parents

The perfect age to start talking to your kids about sex

Parents should begin talking to toddlers about sex from the age of two, according to a new sex education guide, Talk Soon. Talk Often published by the Australian Research Centre in Sex, Health and Society at LaTrobe University. The recommendation from the author of the study, Jenny Walsh, is to not have the single and  daunting ‘birds and bees’ talk, but a series of discussions.

“Parents might be relieved to know that helping their child towards a happy, healthy sexuality does not come from ‘one big talk’ that has to be perfectly scripted. Nor does talking with children about sexuality make them go out and do ‘it’. In fact, talking about sex with young people has the opposite effect.” says Ms Walsh.

You can download the Talk Soon, Talk Often booklet here.

Freelance writer and mother of twins, Josie Gagliano writes:

It’s the moment every parent dreads: the sex talk.

When I had my twins three years ago, I figured I had, oh, a whole decade before I even ventured there. Phew, lucky me!

As if.

And yet, I am surprisingly calm when it comes to contemplating ‘the talk’.

Probably because somehow it seems to be working itself out – at a frighteningly quick pace.

You see, when you become a parent, your body parts become someone else’s. Starting with your vagina. Heck, there’s no point being coy here.

Suddenly, it is the receptacle from which baby/ies emanate. Everyone – in the delivery suite at least – has a good look.

Then your boobs. Many women will recount how their maternity ward nurses yanked their breasts like a child snatching a cookie – there’s nothing personal nor precious about your ‘girls’ from that day forth.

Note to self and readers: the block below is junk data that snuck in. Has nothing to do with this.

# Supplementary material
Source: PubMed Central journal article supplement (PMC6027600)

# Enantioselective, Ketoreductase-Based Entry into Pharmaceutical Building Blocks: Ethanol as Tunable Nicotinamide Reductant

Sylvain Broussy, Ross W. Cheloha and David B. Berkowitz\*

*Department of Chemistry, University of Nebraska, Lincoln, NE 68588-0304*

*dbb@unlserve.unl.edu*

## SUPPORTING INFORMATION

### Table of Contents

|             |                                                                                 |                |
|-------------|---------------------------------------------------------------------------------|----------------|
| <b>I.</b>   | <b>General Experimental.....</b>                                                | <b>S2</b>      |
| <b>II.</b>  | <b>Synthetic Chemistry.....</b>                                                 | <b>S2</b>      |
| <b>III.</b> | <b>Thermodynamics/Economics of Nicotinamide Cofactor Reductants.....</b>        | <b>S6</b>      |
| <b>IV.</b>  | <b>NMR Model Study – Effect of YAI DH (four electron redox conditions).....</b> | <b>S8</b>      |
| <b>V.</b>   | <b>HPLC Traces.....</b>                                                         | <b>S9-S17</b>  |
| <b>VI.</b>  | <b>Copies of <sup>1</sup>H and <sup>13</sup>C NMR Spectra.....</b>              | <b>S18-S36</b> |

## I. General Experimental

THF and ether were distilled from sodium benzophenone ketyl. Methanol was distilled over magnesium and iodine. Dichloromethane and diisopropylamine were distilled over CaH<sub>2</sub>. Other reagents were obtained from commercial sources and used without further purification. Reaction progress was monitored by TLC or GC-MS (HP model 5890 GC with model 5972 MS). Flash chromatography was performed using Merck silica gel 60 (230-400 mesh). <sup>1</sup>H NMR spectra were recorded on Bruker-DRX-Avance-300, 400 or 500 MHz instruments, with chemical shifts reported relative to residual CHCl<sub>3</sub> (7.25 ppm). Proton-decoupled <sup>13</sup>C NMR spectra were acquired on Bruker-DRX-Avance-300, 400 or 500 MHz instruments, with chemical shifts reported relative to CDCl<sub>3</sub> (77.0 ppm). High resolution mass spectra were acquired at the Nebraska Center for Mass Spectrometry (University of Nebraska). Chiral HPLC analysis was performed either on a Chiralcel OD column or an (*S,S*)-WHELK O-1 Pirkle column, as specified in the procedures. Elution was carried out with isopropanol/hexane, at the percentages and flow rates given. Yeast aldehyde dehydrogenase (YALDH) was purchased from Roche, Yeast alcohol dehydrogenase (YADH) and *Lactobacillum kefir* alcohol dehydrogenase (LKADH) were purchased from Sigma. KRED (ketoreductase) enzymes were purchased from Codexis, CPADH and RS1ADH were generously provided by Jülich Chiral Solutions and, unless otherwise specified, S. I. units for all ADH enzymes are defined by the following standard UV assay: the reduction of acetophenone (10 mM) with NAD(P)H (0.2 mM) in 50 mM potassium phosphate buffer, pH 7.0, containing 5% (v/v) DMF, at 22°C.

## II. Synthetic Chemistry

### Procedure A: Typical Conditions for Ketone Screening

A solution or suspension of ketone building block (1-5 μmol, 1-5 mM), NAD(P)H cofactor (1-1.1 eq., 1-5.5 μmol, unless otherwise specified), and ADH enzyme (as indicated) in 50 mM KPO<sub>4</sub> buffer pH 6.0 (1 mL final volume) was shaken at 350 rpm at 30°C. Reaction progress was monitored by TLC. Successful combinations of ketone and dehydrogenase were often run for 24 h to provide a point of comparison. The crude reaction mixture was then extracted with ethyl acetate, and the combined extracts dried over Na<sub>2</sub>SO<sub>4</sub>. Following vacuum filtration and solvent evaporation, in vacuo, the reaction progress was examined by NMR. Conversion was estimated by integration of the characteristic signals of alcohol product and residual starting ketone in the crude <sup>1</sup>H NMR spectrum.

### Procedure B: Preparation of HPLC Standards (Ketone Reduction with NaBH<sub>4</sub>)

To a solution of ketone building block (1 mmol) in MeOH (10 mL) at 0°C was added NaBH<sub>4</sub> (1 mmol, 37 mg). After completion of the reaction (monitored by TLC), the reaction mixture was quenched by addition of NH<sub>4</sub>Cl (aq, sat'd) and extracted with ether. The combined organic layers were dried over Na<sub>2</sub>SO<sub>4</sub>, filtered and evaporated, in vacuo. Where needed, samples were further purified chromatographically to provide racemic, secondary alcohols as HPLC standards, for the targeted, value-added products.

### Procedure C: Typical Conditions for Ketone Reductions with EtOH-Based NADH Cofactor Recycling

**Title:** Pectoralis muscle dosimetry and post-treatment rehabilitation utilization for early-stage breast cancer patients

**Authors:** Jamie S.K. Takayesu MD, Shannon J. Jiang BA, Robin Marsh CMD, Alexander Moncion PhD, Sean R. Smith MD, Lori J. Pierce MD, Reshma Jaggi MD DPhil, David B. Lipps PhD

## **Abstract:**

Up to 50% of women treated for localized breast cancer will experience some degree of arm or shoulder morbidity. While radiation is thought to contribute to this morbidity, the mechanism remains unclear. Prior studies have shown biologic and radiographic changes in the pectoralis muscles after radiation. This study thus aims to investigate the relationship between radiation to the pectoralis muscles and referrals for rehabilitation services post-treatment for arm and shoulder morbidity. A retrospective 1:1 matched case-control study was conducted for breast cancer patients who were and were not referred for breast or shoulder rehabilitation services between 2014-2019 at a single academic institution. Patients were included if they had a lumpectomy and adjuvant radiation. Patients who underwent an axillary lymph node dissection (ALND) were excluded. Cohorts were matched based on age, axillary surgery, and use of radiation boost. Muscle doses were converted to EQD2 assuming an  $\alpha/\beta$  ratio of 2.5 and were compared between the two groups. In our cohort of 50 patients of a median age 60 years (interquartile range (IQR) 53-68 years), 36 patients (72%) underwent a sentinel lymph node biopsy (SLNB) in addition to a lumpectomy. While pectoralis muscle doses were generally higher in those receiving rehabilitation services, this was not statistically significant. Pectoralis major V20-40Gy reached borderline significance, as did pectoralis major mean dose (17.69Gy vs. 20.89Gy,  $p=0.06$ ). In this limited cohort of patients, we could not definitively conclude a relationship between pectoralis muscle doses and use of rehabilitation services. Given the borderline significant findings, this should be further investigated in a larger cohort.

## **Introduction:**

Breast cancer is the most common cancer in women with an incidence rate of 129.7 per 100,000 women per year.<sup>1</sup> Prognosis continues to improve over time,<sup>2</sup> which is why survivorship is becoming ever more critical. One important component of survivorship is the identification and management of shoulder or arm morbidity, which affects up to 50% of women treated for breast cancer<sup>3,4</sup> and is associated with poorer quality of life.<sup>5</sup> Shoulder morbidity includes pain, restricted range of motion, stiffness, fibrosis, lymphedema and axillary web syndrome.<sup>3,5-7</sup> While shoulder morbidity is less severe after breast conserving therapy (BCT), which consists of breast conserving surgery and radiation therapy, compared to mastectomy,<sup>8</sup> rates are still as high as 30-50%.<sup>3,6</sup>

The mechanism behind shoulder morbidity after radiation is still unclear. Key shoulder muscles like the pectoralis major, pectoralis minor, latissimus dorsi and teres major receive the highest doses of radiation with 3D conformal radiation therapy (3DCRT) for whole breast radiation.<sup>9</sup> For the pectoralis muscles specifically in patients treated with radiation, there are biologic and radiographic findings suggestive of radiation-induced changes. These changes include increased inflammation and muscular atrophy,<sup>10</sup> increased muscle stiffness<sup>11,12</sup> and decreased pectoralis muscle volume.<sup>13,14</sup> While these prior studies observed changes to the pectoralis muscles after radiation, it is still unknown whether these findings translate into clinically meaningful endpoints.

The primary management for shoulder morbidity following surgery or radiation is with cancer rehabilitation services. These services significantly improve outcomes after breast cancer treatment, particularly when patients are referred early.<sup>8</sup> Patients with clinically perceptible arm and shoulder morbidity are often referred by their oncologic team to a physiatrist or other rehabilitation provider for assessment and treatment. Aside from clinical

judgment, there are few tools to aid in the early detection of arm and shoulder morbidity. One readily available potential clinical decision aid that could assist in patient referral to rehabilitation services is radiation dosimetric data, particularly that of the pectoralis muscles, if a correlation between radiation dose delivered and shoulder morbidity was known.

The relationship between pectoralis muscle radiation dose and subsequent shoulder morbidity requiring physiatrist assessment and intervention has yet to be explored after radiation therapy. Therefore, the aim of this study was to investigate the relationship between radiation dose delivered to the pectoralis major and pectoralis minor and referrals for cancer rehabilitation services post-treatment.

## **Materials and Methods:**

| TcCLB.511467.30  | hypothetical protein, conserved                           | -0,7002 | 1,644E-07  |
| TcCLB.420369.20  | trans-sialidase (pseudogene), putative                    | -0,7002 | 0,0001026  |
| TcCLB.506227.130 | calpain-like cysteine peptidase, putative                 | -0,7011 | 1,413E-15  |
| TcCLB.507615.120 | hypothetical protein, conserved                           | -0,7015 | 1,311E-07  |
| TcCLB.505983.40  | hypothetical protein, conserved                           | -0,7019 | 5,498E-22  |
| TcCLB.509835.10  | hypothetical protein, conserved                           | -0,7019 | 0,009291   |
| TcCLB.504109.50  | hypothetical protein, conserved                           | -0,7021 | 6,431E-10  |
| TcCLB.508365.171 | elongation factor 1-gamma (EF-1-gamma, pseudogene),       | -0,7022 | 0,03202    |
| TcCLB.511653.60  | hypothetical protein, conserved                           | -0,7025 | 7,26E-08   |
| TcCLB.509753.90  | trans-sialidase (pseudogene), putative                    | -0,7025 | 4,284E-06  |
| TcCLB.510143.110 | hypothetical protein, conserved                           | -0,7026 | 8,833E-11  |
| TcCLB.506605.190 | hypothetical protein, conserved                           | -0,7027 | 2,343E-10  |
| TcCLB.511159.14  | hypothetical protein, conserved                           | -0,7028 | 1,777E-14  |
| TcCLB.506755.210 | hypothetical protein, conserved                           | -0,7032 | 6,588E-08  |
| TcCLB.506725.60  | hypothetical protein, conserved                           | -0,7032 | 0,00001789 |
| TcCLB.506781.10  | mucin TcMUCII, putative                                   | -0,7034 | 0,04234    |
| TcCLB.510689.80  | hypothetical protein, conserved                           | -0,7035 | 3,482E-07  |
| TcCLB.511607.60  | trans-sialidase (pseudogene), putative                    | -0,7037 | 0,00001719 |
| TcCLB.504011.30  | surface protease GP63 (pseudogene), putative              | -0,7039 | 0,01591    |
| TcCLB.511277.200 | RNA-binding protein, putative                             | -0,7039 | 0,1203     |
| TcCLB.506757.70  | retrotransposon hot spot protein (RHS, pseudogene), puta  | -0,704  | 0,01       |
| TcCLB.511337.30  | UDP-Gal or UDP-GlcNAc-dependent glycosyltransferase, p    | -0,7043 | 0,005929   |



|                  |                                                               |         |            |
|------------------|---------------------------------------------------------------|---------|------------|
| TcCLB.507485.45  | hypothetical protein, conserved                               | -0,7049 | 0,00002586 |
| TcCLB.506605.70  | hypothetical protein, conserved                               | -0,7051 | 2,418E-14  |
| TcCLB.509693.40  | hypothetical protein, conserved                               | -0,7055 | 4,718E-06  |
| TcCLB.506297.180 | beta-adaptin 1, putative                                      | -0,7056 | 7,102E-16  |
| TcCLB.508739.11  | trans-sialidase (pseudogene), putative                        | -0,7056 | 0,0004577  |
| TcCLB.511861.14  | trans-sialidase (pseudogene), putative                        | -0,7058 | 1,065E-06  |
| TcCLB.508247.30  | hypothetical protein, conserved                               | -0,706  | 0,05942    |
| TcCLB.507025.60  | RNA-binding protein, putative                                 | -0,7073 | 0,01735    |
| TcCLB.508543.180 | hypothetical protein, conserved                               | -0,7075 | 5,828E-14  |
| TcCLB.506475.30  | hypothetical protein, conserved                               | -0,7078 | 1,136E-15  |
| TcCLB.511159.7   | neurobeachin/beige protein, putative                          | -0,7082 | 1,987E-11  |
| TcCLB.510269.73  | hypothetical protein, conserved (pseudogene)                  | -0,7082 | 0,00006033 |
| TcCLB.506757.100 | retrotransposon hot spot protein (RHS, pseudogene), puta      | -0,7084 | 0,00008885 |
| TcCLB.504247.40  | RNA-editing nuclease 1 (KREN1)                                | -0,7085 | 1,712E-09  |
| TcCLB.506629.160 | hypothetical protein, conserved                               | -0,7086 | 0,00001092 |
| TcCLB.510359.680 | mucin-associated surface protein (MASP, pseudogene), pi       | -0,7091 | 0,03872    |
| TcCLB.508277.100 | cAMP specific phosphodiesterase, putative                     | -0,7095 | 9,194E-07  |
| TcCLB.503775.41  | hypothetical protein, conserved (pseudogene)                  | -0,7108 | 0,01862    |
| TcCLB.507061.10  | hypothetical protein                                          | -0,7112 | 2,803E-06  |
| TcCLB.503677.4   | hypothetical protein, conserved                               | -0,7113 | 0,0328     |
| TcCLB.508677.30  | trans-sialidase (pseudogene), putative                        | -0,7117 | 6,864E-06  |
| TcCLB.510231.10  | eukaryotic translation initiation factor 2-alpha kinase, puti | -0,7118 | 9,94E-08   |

The your-boobs-aren’t-sacred-anymore thing continues at home. You relax a bit about who sees you breastfeeding. Sure, it’s still muslin-wrap-central, swathing bits of the flimsy fabric as best you can when visitors pop in. But mum or mum in law or friend in the tit-precinct? No worries! You find yourself saying things like, “We’re all the same, anyway”, when mere months before you were all cagey Miranda-style: nobody was ever even allowed into the department store change-room.

Babies tug and chew and guzzle on nipples as if they’re life depends on it (well, for some, it kinda does) and soon you’re undressing in front of your infants. Hell, they’ve seen it all before and they don’t seem that impressed. And then suddenly, they reach that age when you notice they stare a little too long; their gaze doesn’t turn away. No, this time, they study. And you panic.

This started happening to me when my twins were two and a bit. Sometimes, when I am bathing my kids, I really gotta pee. And so I, y’ know, do my thing and finish my thing and barely a teeny eyebrow is raised. But one day, my daughter watched me. Intently. And she noticed I looked different to her… down there. I made sure that from then on, emergency pees were as concealed as midnight snacks.

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Shared showers with the bubs – a rare occurrence anyway – suddenly turned into bath-time pirouettes, dodging curious looks as fast as I could without stacking it right there on the enamel. Lately, my daughter asks, “Mummy, what’s that?” pointing directly at my va-jay-jay.